It is becoming increasingly common for a company’s WAN link to be as fast as an internal LAN. However, the WAN link charge might be based on usage, or a company might use the link heavily for real-time, bandwidth-intensive tasks such as video, reducing the available bandwidth. In such cases, you might still want to set up a site structure for the Active Directory forest to avoid burdening the WAN link with excessive replication and service requests.

When planning to upgrade a Windows NT domain to Active Directory, it is important to plan the site topology so that you can set up the site structure promptly after upgrading. Ask yourself the following questions and record your answers:

What sites do you need to create in the Active Directory forest?
What links are available between these sites, and how fast and expensive are they? Are they already heavily utilized, or is an abundance of bandwidth available?
Are you planning to create additional links between the sites?
Are there any domains that span physical sites, and if so, are the links between the sites fast enough to support this?


Sites are easy to reconfigure, so be sure to tune them as your network links change.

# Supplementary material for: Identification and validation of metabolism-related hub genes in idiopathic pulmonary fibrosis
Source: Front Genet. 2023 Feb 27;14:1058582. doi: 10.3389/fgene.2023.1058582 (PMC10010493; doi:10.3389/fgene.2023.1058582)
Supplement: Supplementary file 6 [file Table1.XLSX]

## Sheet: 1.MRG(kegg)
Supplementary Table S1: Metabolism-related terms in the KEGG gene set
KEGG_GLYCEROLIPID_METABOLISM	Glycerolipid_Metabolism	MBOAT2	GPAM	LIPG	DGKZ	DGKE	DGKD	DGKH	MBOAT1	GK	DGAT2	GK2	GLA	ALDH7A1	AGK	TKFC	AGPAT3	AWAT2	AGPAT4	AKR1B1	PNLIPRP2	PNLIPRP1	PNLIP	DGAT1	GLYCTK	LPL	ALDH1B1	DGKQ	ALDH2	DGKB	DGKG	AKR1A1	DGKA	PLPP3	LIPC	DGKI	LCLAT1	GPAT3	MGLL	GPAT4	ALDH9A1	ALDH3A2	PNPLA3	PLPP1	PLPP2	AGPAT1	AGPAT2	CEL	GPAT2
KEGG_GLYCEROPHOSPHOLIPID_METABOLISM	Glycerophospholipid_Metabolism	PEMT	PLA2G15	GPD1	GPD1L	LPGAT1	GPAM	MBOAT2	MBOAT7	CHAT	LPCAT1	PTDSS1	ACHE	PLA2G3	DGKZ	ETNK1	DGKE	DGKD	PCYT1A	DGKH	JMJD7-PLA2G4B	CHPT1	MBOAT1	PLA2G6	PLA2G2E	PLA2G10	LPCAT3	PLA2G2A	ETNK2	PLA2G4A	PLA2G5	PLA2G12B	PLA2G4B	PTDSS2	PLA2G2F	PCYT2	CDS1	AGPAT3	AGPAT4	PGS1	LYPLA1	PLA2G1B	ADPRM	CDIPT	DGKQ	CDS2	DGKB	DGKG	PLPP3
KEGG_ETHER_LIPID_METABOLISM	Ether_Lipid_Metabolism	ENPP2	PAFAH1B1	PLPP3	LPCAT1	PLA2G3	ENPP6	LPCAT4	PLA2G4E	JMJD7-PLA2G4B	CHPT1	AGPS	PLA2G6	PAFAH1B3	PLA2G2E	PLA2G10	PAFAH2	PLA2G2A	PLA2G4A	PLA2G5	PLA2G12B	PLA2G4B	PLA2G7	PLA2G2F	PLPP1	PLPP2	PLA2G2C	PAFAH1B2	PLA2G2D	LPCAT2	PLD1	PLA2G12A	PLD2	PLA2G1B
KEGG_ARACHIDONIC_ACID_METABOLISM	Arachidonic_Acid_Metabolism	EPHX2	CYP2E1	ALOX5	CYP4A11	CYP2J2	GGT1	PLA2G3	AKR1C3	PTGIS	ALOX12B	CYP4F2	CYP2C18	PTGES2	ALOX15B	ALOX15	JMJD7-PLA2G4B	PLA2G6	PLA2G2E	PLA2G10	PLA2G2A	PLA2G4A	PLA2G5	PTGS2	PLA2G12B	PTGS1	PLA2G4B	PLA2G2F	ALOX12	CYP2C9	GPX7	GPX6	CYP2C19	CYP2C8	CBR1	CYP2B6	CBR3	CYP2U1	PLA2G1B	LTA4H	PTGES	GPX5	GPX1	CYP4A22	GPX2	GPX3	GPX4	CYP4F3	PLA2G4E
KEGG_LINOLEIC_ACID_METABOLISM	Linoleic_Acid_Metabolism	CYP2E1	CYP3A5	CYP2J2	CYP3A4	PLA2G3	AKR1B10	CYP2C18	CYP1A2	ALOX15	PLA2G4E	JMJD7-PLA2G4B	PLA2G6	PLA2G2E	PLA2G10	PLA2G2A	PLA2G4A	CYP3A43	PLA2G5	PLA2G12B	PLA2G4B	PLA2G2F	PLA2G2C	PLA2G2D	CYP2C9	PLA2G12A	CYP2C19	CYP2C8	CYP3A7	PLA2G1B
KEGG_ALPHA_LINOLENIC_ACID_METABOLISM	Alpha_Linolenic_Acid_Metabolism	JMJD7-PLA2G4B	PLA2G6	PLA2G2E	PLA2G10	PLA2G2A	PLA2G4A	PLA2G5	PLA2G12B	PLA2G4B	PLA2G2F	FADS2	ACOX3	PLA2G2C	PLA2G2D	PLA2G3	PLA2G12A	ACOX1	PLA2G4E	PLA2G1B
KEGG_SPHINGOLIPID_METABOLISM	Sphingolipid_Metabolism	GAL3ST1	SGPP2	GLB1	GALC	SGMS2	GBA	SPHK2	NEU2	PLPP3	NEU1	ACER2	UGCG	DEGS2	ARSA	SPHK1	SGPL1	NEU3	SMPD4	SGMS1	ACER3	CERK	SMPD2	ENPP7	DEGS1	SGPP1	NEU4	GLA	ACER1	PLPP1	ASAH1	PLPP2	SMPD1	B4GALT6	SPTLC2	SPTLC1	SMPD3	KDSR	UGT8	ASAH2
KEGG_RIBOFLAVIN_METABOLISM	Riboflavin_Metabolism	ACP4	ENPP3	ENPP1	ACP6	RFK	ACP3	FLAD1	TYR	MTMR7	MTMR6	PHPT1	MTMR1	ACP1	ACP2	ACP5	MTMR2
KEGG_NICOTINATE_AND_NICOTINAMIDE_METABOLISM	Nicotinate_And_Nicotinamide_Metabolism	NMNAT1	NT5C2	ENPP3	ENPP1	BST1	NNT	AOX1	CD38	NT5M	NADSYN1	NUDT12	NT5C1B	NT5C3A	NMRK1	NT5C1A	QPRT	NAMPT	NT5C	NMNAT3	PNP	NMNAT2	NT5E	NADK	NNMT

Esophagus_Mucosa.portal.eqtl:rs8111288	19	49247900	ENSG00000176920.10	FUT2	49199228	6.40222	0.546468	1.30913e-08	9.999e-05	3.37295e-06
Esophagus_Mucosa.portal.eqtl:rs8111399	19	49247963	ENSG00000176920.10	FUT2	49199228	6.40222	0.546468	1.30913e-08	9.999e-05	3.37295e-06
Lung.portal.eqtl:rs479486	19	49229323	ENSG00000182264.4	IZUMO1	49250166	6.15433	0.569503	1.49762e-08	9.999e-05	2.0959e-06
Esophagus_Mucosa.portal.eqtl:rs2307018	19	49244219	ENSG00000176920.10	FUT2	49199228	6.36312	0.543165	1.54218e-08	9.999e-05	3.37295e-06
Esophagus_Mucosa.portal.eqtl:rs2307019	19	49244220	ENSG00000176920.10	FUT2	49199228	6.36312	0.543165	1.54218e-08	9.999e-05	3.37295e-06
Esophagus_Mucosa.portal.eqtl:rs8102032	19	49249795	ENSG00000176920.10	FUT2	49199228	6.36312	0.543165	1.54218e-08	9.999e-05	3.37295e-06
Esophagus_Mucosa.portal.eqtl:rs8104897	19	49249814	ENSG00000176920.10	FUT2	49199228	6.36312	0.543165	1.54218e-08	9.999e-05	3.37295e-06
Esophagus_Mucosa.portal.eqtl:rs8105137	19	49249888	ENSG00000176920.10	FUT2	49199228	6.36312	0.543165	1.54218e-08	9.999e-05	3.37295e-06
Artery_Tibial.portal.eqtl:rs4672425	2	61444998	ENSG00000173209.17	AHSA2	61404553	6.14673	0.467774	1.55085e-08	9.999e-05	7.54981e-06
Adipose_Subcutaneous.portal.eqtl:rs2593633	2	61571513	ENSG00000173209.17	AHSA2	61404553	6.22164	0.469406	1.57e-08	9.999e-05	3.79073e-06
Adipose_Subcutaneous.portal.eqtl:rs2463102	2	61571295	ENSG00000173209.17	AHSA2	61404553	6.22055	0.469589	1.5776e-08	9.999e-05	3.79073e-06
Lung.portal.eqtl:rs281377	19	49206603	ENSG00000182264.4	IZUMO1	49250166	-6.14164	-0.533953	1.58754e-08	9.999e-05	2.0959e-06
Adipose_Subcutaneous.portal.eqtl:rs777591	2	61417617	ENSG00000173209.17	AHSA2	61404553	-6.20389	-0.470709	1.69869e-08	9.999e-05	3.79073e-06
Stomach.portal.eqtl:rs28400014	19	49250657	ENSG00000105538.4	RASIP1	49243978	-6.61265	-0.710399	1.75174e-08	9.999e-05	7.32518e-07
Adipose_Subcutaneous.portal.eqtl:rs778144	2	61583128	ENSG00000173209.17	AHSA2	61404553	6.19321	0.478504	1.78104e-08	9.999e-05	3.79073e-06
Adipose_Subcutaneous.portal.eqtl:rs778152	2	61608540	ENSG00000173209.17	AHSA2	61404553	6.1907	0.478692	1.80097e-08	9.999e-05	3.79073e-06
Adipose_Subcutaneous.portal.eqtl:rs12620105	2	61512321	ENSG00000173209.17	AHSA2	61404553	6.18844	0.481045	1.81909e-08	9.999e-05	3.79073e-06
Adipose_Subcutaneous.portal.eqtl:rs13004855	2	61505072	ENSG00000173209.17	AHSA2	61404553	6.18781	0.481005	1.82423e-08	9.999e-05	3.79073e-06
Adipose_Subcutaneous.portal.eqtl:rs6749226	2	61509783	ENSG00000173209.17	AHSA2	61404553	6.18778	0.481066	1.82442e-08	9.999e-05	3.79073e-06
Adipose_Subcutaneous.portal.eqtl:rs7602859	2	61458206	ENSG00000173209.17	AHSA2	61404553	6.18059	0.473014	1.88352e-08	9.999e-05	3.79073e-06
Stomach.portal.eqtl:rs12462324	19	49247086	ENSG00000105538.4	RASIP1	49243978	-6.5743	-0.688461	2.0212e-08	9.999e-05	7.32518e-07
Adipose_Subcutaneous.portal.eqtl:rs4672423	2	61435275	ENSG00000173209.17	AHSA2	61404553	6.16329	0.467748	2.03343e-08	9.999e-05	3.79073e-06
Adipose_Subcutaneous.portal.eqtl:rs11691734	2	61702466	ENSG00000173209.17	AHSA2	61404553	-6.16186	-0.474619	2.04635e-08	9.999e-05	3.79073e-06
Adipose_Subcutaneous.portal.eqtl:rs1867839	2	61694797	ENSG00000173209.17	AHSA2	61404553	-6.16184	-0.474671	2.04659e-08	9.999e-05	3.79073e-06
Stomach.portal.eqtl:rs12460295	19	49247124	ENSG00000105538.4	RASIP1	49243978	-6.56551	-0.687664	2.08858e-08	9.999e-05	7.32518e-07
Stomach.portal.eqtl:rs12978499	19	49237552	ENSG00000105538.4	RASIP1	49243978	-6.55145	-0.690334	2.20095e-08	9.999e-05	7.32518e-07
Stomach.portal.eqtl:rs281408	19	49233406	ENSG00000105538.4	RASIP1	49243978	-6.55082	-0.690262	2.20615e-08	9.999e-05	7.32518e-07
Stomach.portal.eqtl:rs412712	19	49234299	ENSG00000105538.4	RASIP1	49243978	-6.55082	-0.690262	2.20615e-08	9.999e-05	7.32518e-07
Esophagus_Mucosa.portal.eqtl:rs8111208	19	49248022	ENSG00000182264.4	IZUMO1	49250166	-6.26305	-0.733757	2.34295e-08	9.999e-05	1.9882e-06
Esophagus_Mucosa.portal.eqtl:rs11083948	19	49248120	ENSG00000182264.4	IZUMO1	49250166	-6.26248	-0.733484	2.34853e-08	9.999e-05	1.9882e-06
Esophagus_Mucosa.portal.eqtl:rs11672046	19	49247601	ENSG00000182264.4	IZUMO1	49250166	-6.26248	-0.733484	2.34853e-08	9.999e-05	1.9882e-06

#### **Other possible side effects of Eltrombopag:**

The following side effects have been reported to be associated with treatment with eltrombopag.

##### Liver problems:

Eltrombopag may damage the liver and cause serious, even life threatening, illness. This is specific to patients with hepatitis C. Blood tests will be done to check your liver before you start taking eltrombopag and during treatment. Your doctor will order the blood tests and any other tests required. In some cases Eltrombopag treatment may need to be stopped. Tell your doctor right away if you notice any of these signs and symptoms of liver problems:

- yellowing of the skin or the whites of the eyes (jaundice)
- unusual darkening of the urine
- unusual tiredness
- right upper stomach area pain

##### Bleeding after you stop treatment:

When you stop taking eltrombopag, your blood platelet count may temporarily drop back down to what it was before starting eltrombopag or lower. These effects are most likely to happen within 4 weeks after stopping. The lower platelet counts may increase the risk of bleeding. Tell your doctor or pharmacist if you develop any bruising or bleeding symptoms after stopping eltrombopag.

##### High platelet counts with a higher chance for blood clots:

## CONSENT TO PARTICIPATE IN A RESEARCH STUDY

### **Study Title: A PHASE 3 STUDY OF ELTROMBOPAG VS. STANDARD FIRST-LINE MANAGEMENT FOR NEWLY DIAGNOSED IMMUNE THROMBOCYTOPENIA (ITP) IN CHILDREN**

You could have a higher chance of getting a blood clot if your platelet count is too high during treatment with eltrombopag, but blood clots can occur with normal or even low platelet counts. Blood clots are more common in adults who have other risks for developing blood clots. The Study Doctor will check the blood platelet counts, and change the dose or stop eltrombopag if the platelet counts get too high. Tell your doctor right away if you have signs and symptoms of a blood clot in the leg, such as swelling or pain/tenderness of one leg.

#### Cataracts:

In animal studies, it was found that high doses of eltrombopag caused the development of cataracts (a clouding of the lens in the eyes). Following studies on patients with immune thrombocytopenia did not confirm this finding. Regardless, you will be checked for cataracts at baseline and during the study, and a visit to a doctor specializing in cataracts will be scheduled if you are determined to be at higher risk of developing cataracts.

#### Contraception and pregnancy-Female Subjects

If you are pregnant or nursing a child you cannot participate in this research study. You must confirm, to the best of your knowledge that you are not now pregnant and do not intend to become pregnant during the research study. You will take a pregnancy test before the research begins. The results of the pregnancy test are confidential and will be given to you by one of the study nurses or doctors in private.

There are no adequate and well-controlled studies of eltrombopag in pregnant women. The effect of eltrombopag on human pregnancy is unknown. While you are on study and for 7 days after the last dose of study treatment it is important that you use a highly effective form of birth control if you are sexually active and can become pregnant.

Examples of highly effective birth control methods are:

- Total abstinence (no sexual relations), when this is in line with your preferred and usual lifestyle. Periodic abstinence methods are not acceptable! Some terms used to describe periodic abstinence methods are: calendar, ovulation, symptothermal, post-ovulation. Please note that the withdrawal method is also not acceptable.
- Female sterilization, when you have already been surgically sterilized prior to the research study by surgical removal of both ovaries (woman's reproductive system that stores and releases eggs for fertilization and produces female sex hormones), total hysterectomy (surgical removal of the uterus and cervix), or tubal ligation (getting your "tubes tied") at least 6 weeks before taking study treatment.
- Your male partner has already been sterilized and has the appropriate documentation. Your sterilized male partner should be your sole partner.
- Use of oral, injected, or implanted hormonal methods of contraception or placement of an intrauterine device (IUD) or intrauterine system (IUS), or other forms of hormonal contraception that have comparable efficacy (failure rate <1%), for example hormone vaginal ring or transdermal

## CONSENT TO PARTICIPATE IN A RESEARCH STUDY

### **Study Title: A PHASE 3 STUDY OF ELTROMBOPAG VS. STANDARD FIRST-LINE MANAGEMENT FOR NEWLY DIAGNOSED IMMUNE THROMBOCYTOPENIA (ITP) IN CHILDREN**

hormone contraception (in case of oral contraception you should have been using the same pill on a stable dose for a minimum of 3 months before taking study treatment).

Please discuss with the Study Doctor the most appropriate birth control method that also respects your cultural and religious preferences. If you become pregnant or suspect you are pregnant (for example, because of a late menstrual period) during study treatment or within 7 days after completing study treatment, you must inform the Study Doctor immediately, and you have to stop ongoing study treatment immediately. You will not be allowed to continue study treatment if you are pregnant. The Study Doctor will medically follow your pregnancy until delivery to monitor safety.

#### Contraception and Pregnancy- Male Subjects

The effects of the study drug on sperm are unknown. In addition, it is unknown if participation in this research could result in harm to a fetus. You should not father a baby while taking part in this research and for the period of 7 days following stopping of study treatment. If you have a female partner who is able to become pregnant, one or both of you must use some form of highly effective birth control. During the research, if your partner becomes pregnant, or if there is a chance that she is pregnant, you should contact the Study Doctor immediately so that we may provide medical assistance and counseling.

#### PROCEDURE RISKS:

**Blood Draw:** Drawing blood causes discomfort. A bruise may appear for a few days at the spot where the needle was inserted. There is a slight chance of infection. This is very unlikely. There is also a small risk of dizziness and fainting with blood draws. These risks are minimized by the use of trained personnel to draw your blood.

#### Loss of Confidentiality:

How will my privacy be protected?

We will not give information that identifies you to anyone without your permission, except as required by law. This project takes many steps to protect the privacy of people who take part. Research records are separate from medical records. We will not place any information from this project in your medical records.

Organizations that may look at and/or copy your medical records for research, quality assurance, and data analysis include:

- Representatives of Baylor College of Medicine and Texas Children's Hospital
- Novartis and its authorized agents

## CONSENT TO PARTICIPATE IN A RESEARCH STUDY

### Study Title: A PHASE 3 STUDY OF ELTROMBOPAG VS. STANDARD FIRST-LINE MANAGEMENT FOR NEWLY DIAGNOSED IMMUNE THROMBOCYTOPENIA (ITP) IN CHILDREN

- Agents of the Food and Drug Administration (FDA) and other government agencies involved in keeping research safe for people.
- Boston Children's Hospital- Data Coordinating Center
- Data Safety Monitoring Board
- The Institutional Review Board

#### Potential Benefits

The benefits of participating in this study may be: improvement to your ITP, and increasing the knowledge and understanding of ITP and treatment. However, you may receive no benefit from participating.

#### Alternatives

Two types of connections are available for intersite replication: point-to-point synchronous low-speed remote procedure call (RPC) and Simple Mail Transfer Protocol (SMTP). Any domains that span multiple sites must have at least a point-to-point synchronous low-speed RPC connection between the sites within the domain. This connection is required because you can’t use SMTP for intersite replication between domain controllers in the same domain; you can use SMTP links only for schema, configuration, and global catalog (GC) information replication. Therefore, if you have multisite domains, double-check the link between the sites to make sure you have adequate connectivity for this setup.

You would be wise to have a global catalog server on each site to allow a local domain controller to service requests for any resource in the forest without having to use the WAN link. However, the global catalog server shouldn’t be the same server as the infrastructure master unless there are no other domain controllers in the domain, because this configuration breaks the infrastructure master’s ability to update other domain controllers in the domain.

Place at least one DNS server in each site, and have a minimum of two domain controllers per site for redundancy. (This isn’t as important for remote sites with a small number of clients.)


Place at least one Windows Server 2003 domain controller in each site. Doing so allows Windows Server 2003 to take over the topology generator role, improving intersite replication efficiency and scalability, even when the rest of the domain controllers are running Windows 2000. Switching to Windows Server 2003 functional level results in additional efficiency and scalability improvements, including automatically selecting bridgehead servers and allowing the maximum number of sites per domain to increase to 3000. (The limit is 300 otherwise.)